Time to Close Corporate Tax Loopholes

Recently, the CEO of Apple testified before Congress about his company’s tax dodging. From 2009-2012, Apple stored almost $74 billion offshore, money virtually untaxed thanks to the use of Irish subsidiaries.

In Ireland, corporations pay taxes where the bulk of their business decisions are made, while the U.S. assesses taxes where a corporation is headquartered. In practice, this means that Apple avoids a significant amount of tax liability through a simple shell game, registering their corporation in Ireland while the locus of decision-making is within the United States.

Apple isn’t the only corporation to take advantage of incredibly lax rules where corporate taxes are concerned. Of the 100 most profitable companies in the U.S., 87 are known to store money in offshore tax havens. The havens are glorified P.O. boxes in countries (the Cayman Islands are a good example) without corporate income taxes, allowing American corporations to create subsidiary companies by simply locating a P.O. Box in the tax haven and reporting all income to that subsidiary. Some corporations even have the gall to report a loss for the year, attempting to qualify for extra tax cuts while the bill is picked up by the rest of us.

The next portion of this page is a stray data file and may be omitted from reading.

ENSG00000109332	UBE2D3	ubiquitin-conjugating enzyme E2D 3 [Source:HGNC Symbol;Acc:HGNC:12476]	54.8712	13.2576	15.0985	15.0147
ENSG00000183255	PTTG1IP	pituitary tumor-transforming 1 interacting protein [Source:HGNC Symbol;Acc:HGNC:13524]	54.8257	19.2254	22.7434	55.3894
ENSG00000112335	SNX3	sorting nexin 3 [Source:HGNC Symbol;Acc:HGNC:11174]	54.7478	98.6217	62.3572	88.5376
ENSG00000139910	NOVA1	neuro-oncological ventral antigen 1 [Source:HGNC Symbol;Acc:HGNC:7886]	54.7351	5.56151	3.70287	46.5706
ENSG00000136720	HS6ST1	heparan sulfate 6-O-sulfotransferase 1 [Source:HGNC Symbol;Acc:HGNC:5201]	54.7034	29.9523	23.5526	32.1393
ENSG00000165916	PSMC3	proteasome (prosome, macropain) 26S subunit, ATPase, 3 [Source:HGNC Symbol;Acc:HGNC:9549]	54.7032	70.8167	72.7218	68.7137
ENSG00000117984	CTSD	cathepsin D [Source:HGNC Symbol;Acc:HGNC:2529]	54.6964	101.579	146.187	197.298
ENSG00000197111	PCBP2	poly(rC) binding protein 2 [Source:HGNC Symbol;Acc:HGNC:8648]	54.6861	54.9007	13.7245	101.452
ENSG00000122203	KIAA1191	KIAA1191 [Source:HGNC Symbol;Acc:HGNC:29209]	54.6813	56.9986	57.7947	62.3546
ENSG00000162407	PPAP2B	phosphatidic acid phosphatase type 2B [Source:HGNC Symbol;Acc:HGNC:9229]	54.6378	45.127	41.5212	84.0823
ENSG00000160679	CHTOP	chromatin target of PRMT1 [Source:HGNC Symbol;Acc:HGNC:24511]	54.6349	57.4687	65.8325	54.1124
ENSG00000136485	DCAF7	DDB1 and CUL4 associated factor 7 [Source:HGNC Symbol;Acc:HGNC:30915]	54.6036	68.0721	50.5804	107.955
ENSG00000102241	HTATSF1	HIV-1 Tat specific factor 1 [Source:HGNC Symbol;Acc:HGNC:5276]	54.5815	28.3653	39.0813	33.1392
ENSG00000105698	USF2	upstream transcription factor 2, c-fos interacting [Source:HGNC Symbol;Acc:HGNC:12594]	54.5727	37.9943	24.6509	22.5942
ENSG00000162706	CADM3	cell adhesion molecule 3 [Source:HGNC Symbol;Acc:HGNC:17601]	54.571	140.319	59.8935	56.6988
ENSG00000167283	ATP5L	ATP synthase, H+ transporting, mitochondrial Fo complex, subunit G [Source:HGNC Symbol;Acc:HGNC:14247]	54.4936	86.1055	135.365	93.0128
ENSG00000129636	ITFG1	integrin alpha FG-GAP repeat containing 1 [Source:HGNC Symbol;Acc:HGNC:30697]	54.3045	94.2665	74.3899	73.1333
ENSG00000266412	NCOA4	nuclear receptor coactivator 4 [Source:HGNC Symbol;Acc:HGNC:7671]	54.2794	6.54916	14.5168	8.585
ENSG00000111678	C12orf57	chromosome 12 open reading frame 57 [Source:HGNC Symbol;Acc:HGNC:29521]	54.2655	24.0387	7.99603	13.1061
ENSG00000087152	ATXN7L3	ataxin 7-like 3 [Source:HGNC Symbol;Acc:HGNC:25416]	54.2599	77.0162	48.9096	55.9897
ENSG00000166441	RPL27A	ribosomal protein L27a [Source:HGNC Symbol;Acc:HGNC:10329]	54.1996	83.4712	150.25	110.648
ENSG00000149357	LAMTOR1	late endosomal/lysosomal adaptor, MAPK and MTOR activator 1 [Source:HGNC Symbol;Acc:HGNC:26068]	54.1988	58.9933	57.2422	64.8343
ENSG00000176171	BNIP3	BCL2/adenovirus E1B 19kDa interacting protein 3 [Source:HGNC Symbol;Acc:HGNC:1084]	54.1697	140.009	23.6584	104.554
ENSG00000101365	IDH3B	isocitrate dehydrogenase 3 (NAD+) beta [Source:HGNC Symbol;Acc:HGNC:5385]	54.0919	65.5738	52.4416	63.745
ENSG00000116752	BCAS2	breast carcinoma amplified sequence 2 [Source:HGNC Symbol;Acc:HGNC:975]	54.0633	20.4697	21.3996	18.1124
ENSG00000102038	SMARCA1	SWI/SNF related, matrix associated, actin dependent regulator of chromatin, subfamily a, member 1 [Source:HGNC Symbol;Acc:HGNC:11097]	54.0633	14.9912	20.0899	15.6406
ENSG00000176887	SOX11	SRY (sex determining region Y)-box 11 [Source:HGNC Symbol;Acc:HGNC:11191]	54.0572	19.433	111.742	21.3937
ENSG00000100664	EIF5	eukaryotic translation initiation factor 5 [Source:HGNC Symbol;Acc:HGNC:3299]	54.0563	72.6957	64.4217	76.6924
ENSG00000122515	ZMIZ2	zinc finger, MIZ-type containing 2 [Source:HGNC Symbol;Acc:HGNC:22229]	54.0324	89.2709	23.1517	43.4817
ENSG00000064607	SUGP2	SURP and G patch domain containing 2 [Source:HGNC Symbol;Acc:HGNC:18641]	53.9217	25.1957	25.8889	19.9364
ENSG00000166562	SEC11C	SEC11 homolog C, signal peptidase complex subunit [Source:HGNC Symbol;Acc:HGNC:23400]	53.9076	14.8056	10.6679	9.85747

The problem with this scenario is that the United States loses out on significant tax revenue that is needed for investment in infrastructure, health care, and education. In addition to calling on Congress to close corporate tax loopholes that pass extra tax liability onto small businesses and working families, MPA believes that the supporters of fair taxation on corporations need to be clear about the reason the revenue is so important.

The F-35 program is an example of Congress finding money to spend on a project that is far from in the best interests of the country. $1.5 trillion dollars could be saved by just eliminating the F-35 plane, which Robert Gates, the Defense Secretary under Presidents Bush and Obama, called, “unnecessary and extravagant.” However, since the F-35 is produced in a multitude of factories in a multitude of states, members of Congress protect this wasteful defense spending under the guise of job creation. America can create better jobs than ones producing superfluous weapons systems.

In the timeline of Congressional action, the best chance to influence corporate tax loopholes and Congressional spending will be in the fall, as the federal budget will be due at roughly the same time that the country reaches the debt limit. In addition, another round of sequestration cuts will automatically take effect. The cumulative effect of these budget decisions will be the temptation to construct a “Grand Bargain” in Congress to achieve bi-partisan support and cut a long-term budget deal. Make no mistake: any “Grand Bargain” will make cuts to programs like Social Security and Medicare, and may not sufficiently protect education and health care programs.

There have already been more than enough cuts to programs people depend on. The amount of revenue proposed by President Obama to be raised in a budget deal is $600 billion, which is a paltry sum compared to the $1.9 trillion currently sitting offshore and avoiding U.S. taxes. It’s time to demand an end to corporate tax loopholes and offshore tax havens to raise the revenue needed to invest in the future.